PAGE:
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Karma call? Country that used division and split rule on Brexit


NEW DELHI: With Brexit now certain that it will become a reality, the UK, as we know, is sure to undergo significant transformations. On the political front, recent British elections exemplified a clear division in British society. Although the pro-Brexit Conservative Party

Boris Johnson won the day
, the anti-Brexit camp remains considerable but divided. Take the example of Scotland, where the Scottish national anti-Brexit national party won by a landslide. This potentially sets up another Scottish referendum. Then, while Johnson has negotiated a new Brexit agreement for Northern Ireland, the effectiveness of the plan to prevent a harsh border between British Ireland and the Republic of Ireland has not yet been proven.

What all this means is that psychologically the UK is no longer an entity. Brexit has

fundamentally questioned Britain’s projection
himself in the world. The UK can no longer claim to be an advocate of liberal values, as Brexit was driven mainly by a desire to keep foreigners out and take back control of immigration and UK borders. Where Britain once saw itself as a modernizing force for the world—a perception that also sustained British colonialism in centuries past—today a divided nation is located where parish forces have gained the upper hand.

That calls into question the credibility of British soft power. Over the past 200 years, English has been seen as the language of progress. It was the lingua franca of science, political theory, diplomacy and finance, and a window into progressive ideas such as equality of justice, democracy and human rights.

But in the light of Brexit, all of that is falling apart. According to American political scientist Joseph Nye, who coined the term soft power in the late 1980s, a country’s cultural, ideological, and institutional appeal could help shape the world. And until recently, Britain had deployed these soft assets brilliantly. But with Brexit, all of this risks booming in the UK. Because, as soon as British openness began to be seen as a responsibility for a sizeable section of the British population given a rapidly paced economy and changing British demographics, racism and nativism raised their ugly heads. Fears began to increase that the white British population would soon be overwhelmed by people of color and outsiders. It is these regressive forces that are dividing Britain today and undermining its position as a cultural powerhouse.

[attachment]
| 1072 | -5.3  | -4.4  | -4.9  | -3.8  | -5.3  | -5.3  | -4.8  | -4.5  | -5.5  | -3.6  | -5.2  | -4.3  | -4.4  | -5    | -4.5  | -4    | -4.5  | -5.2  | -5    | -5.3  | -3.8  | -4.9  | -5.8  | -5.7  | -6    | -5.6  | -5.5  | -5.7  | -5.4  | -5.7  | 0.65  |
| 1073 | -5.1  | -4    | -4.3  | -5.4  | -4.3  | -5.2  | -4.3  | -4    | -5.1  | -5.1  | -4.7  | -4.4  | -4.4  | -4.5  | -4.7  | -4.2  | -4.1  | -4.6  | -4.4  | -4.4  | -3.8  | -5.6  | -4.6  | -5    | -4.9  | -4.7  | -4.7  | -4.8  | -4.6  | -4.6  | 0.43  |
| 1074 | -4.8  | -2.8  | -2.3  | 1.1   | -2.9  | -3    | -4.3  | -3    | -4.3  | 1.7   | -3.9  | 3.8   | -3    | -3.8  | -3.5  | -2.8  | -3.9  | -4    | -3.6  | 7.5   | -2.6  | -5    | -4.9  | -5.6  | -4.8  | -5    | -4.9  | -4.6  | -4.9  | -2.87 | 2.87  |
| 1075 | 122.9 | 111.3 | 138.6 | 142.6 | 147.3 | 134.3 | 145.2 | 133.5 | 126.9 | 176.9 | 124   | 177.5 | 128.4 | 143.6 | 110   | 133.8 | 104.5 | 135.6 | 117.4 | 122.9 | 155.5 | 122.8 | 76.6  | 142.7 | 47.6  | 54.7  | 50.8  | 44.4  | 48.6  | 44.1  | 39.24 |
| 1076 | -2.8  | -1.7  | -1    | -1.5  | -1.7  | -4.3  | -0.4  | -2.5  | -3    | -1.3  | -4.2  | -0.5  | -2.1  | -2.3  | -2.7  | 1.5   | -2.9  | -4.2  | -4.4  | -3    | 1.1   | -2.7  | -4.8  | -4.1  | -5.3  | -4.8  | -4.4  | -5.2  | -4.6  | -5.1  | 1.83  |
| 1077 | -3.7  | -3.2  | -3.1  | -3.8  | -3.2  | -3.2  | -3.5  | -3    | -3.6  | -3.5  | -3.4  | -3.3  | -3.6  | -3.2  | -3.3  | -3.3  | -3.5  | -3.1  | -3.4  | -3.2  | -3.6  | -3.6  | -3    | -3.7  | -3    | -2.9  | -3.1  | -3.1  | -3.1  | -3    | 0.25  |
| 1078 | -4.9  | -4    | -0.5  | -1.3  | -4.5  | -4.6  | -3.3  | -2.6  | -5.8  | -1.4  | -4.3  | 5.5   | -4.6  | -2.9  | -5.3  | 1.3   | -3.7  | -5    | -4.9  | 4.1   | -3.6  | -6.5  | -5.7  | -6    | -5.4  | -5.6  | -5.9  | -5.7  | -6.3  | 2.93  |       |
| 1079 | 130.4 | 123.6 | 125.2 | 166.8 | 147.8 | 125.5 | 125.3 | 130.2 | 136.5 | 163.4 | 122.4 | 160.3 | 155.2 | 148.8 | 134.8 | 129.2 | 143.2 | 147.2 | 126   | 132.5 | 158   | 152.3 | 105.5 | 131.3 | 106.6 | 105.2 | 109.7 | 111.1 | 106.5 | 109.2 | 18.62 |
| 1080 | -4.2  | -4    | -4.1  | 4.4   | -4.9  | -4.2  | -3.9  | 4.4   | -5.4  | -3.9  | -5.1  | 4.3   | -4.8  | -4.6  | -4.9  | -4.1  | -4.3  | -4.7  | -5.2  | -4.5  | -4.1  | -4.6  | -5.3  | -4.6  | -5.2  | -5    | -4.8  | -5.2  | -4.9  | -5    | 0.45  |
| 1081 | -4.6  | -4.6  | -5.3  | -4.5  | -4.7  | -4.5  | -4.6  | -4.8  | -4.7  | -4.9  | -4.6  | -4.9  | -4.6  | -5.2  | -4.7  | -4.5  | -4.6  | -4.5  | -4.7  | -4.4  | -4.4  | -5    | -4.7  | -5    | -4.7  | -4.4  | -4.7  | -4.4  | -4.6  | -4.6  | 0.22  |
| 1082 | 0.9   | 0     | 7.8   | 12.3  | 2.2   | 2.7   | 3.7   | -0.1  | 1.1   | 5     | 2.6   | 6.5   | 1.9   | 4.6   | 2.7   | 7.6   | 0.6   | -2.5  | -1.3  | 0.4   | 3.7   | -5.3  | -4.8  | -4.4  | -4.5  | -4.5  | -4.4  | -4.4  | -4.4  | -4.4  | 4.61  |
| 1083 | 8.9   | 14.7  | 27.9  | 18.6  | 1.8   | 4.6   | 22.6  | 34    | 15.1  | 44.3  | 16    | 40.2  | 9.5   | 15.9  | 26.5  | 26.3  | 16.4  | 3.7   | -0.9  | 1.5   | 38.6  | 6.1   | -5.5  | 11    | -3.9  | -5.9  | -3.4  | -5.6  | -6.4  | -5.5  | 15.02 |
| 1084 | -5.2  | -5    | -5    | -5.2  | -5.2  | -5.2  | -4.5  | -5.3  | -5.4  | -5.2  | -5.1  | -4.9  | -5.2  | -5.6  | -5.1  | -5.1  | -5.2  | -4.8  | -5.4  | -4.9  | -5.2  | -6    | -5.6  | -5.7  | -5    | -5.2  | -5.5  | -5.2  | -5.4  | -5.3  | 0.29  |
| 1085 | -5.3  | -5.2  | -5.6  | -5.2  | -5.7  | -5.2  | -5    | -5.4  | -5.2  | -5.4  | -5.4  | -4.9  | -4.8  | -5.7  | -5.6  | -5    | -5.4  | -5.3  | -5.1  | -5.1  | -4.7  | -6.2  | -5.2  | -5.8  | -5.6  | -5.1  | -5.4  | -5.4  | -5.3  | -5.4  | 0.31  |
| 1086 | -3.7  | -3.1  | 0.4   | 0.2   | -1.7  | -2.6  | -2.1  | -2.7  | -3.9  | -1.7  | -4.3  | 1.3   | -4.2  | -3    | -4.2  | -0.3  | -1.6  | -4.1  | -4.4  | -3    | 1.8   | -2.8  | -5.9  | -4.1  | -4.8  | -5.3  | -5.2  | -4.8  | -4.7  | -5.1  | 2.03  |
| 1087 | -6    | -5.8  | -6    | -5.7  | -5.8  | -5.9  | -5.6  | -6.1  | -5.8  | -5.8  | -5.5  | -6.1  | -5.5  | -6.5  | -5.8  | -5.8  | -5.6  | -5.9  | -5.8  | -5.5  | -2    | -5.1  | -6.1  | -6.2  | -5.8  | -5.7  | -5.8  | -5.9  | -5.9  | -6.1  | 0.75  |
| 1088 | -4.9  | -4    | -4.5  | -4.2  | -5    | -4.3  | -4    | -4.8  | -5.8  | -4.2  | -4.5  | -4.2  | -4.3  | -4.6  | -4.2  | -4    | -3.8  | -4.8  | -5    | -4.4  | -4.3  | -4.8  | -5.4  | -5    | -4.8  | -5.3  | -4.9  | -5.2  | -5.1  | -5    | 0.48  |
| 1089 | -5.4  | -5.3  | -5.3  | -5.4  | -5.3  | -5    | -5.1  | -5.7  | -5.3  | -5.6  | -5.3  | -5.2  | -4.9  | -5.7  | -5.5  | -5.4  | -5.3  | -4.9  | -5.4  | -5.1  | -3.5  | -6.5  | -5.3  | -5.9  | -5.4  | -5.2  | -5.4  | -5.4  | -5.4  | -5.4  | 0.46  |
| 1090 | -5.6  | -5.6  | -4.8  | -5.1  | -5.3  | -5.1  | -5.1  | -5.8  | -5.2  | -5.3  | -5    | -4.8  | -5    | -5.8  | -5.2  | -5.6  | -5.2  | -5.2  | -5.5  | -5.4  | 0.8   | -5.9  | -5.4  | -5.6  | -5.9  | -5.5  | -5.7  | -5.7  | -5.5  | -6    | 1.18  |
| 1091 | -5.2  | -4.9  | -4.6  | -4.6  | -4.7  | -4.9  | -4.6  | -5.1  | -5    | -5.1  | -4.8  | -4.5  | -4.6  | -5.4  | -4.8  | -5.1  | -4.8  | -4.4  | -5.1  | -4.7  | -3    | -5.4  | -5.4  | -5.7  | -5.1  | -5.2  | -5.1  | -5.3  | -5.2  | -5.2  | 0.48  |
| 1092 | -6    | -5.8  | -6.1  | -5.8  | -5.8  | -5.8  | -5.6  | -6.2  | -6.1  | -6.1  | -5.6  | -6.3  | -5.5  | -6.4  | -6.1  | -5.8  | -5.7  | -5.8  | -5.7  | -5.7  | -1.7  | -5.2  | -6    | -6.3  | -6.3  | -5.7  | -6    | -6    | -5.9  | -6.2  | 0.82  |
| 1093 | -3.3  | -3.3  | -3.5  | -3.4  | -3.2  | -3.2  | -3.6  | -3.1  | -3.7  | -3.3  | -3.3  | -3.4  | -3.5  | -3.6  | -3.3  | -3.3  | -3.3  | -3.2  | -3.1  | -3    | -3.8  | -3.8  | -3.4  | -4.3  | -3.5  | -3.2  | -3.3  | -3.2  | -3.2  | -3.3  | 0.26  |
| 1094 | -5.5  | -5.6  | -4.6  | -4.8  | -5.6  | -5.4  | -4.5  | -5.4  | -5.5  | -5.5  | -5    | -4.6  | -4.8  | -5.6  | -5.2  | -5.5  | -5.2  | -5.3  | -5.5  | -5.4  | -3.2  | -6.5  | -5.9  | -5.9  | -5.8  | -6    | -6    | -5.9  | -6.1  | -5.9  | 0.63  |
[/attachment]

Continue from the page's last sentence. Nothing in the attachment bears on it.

Maybe it’s all karma. After all, Britain for centuries had divided people on the basis of ethnicity, religion and sects to benefit from it. He drew arbitrary lines in the sand and sowed the seeds of the communal struggles of generations. On the subcontinent we are well aware of the deep scars that Britain’s policy of division and government inflicted on us. Today, it is the turn of the British to divide for ideological, and possibly sectarian and ethnic reasons. And with British openness, justice and multiculturalism now undermined by Brexit, the UK’s tug as a talent destination is also likely to fade. British politicians may think they can handle the situation and maintain the British supremacy of soft power. But that would be arrogance, the same arrogance that saw certain British politicians push down forces by proposing Brexit for political gain.

Soft power was actually the UK’s greatest asset as it was overshadowed by US military power in the first half of the 20th century. And with the global axis of power shifting from the West to the East, the decline of British soft power is destined to further harm the UK. In that sense, Britain risks becoming an ancient and sclerotic nation with little real influence in the world. Many would say it serves them well.

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